The plutocracy has a dialogue with Occupy students at UC Davis
There is the problem of the relative levels of different types of earned income. Here we have the famous marginal productivity theory... The real wage of each type of labour is supposed to measure its marginal product to society. The salary of a professor of economics measures his contribution to society and the wage of a garbage collector measures his contribution. Of course this is a very comforting doctrine for professors of economics but I fear that once more the argument is circular. There is not any measure of marginal products except the wages themselves. In short, we have not got a theory of distribution. We have nothing to say on the subject which above all others occupies the minds of the people whom economics is supposed to enlighten.Ouch!
Today, we are walking out of your class, Economics 10, in order to express our discontent with the bias inherent in this introductory economics course. We are deeply concerned about the way that this bias affects students, the University, and our greater society.I can hardly disagree, as this "bias" -- as expressed in all of the mainstream textbooks, not just Mankiw's -- was the central theme of our Economics Anti-Textbook, whose primary goal was to help students in such courses defend themselves against it.
Care in presenting an unbiased perspective on economics is particularly important for an introductory course of 700 students that nominally provides a sound foundation for further study in economics.But an "unbiased perspective on economics" is not possible, as we try to argue in the Anti-Textbook. Value judgments pervade everything and 'objectivity' is unattainable. Howard Zinn's comments about the impossibility of objectivity in studying history carry over here, for example. (For example, see his wonderful book The Politics of History, p.10. He writes "That the scholar has decided that he prefers peace to war does not require him to distort his facts... Our values should determine the questions we ask in scholarly inquiry, but not the answers.")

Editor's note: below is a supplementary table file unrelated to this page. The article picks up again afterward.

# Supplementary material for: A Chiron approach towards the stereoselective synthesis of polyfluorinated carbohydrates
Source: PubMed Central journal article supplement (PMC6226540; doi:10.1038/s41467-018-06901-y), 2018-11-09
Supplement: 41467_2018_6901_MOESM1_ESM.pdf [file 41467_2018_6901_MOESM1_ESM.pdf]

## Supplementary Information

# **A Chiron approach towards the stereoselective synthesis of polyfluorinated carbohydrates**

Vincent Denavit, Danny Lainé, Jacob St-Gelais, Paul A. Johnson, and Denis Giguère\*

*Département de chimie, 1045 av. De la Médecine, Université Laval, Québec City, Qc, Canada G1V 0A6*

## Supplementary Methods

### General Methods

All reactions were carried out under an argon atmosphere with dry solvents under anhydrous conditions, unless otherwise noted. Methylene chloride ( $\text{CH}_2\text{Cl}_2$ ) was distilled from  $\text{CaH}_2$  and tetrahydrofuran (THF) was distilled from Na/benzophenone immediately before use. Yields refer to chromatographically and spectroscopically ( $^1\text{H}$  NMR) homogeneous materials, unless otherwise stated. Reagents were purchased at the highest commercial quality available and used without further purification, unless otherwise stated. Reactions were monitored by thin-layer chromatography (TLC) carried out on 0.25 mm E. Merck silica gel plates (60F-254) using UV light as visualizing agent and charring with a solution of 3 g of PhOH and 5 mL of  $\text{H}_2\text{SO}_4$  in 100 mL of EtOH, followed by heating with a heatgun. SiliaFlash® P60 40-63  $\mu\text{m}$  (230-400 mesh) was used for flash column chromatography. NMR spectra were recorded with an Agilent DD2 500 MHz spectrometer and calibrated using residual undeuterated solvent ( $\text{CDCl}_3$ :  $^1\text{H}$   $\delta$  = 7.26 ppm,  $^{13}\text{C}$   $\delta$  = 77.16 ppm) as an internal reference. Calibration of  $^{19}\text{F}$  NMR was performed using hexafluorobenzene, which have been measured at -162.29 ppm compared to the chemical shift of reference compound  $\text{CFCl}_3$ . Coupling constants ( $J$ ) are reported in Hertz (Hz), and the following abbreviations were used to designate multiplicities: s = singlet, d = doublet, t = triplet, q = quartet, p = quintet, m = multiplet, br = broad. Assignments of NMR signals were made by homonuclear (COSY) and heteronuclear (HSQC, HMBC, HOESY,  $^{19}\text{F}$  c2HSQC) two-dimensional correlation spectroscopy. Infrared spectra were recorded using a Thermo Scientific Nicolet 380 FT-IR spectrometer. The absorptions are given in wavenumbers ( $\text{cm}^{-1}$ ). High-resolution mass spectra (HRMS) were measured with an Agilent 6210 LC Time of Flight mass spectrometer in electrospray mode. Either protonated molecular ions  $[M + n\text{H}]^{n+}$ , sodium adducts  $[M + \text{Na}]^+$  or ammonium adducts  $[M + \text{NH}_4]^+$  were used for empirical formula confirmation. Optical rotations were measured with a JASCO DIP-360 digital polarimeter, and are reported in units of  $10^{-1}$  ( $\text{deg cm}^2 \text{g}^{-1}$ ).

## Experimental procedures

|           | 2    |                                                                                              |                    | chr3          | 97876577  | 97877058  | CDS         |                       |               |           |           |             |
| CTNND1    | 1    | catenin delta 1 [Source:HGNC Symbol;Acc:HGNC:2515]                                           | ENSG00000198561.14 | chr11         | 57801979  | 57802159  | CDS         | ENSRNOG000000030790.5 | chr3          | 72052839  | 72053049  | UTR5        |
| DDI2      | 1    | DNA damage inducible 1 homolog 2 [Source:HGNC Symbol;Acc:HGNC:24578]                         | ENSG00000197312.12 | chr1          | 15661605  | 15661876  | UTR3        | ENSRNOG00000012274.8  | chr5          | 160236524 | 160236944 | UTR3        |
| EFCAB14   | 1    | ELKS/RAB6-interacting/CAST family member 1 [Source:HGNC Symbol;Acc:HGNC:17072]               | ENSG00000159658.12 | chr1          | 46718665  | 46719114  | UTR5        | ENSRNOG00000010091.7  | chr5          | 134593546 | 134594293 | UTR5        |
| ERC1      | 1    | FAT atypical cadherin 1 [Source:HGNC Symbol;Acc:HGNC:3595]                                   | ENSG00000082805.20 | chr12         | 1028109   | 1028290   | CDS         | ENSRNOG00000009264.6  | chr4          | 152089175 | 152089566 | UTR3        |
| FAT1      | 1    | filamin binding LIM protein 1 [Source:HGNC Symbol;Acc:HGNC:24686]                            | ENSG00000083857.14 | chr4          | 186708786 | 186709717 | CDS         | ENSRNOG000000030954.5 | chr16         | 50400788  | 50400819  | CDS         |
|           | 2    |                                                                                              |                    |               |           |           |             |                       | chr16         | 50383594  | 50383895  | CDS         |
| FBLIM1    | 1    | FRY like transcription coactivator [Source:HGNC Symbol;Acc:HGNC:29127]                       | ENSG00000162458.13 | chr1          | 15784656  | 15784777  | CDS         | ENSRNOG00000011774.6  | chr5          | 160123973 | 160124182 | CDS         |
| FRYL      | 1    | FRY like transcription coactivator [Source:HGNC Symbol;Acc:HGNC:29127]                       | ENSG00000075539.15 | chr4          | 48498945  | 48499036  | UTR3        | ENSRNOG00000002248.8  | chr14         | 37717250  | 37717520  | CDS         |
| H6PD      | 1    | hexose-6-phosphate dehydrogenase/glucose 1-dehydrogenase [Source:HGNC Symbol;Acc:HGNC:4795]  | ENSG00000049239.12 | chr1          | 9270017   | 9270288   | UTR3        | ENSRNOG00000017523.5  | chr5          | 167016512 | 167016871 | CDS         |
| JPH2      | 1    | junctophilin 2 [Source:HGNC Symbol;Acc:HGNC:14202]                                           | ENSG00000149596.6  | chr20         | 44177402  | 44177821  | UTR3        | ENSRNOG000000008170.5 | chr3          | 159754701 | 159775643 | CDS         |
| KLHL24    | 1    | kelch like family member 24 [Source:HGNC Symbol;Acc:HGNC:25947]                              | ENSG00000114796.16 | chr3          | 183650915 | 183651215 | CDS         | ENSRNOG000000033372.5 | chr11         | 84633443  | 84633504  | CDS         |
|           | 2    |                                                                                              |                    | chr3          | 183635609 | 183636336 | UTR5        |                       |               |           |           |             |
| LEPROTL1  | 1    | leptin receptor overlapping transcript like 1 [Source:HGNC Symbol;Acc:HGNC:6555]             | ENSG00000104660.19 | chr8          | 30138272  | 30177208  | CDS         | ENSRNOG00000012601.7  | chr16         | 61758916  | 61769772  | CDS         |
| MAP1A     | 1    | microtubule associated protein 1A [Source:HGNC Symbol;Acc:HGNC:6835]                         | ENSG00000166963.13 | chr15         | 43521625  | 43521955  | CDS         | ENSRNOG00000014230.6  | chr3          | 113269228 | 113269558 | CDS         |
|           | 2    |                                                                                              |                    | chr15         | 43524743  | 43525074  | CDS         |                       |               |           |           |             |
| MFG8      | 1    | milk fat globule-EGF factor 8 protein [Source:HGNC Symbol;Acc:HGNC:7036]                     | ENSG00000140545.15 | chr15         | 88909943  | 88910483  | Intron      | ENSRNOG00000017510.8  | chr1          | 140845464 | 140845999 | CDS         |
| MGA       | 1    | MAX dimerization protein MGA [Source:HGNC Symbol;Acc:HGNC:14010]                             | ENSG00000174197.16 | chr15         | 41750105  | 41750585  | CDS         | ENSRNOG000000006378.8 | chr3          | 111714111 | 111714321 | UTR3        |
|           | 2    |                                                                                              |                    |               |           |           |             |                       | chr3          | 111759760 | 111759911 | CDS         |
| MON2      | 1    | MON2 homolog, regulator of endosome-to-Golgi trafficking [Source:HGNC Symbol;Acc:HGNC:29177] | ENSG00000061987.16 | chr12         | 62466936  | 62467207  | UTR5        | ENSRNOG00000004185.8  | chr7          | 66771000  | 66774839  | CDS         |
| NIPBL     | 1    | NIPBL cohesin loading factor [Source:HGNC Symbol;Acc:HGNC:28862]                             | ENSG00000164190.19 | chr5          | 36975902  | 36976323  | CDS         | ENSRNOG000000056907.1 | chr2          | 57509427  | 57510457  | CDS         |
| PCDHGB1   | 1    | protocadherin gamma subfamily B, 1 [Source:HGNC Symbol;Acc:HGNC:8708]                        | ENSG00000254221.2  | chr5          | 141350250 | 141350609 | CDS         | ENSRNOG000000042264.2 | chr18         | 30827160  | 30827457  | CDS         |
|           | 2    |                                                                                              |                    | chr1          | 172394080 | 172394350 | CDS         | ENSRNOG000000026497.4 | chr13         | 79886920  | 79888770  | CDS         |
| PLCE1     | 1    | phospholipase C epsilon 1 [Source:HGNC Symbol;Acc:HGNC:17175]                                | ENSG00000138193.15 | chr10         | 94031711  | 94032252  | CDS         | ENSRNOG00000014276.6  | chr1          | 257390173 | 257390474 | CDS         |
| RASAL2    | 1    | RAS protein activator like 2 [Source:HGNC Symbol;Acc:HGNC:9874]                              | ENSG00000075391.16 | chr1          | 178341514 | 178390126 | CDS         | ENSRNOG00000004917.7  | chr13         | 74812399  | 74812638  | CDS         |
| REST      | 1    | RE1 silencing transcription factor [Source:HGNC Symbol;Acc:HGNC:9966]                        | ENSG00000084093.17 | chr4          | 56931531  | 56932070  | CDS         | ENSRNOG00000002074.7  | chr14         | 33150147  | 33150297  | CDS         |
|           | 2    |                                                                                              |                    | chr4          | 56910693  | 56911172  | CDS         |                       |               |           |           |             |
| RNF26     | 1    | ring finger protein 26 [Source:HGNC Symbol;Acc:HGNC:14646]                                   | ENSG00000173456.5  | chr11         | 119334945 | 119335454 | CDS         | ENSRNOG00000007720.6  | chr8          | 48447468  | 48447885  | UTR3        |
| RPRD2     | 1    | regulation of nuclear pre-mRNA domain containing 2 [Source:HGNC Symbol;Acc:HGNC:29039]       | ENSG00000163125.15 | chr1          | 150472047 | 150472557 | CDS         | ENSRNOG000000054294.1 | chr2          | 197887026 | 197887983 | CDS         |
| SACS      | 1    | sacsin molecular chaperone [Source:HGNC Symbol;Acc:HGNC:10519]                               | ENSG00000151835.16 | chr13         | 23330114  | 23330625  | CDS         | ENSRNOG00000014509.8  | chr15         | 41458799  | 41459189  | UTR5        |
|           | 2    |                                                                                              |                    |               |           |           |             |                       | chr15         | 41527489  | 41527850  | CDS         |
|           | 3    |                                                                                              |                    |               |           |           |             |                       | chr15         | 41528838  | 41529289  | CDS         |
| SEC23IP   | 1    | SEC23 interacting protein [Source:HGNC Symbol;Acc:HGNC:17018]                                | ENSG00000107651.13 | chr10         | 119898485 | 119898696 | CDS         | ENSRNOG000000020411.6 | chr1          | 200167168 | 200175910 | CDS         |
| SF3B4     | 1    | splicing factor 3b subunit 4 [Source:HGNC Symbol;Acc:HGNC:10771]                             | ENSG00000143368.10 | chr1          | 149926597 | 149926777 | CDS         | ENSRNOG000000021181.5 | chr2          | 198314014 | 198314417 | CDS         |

Harvard Republican Club Secretary Aditi Ghai ’14, who took the class last year, said she doesn’t think the class is biased. “The class is about pure economic efficiency. Ideology comes into play when we determine how to balance efficiency with social equity,” she said.But a decision to focus the course on "economic efficiency" is a value judgement in itself; it puts some questions to the fore; backgrounds others. Our values determine the questions we ask, as Zinn notes, and the questions we don't ask. In the Anti-Textbook (pp.208-210) we also argue that it doesn't make sense to think of "efficiency" as a primary social objective like equity is, although this student has, not surprisingly, been given the impression that it is.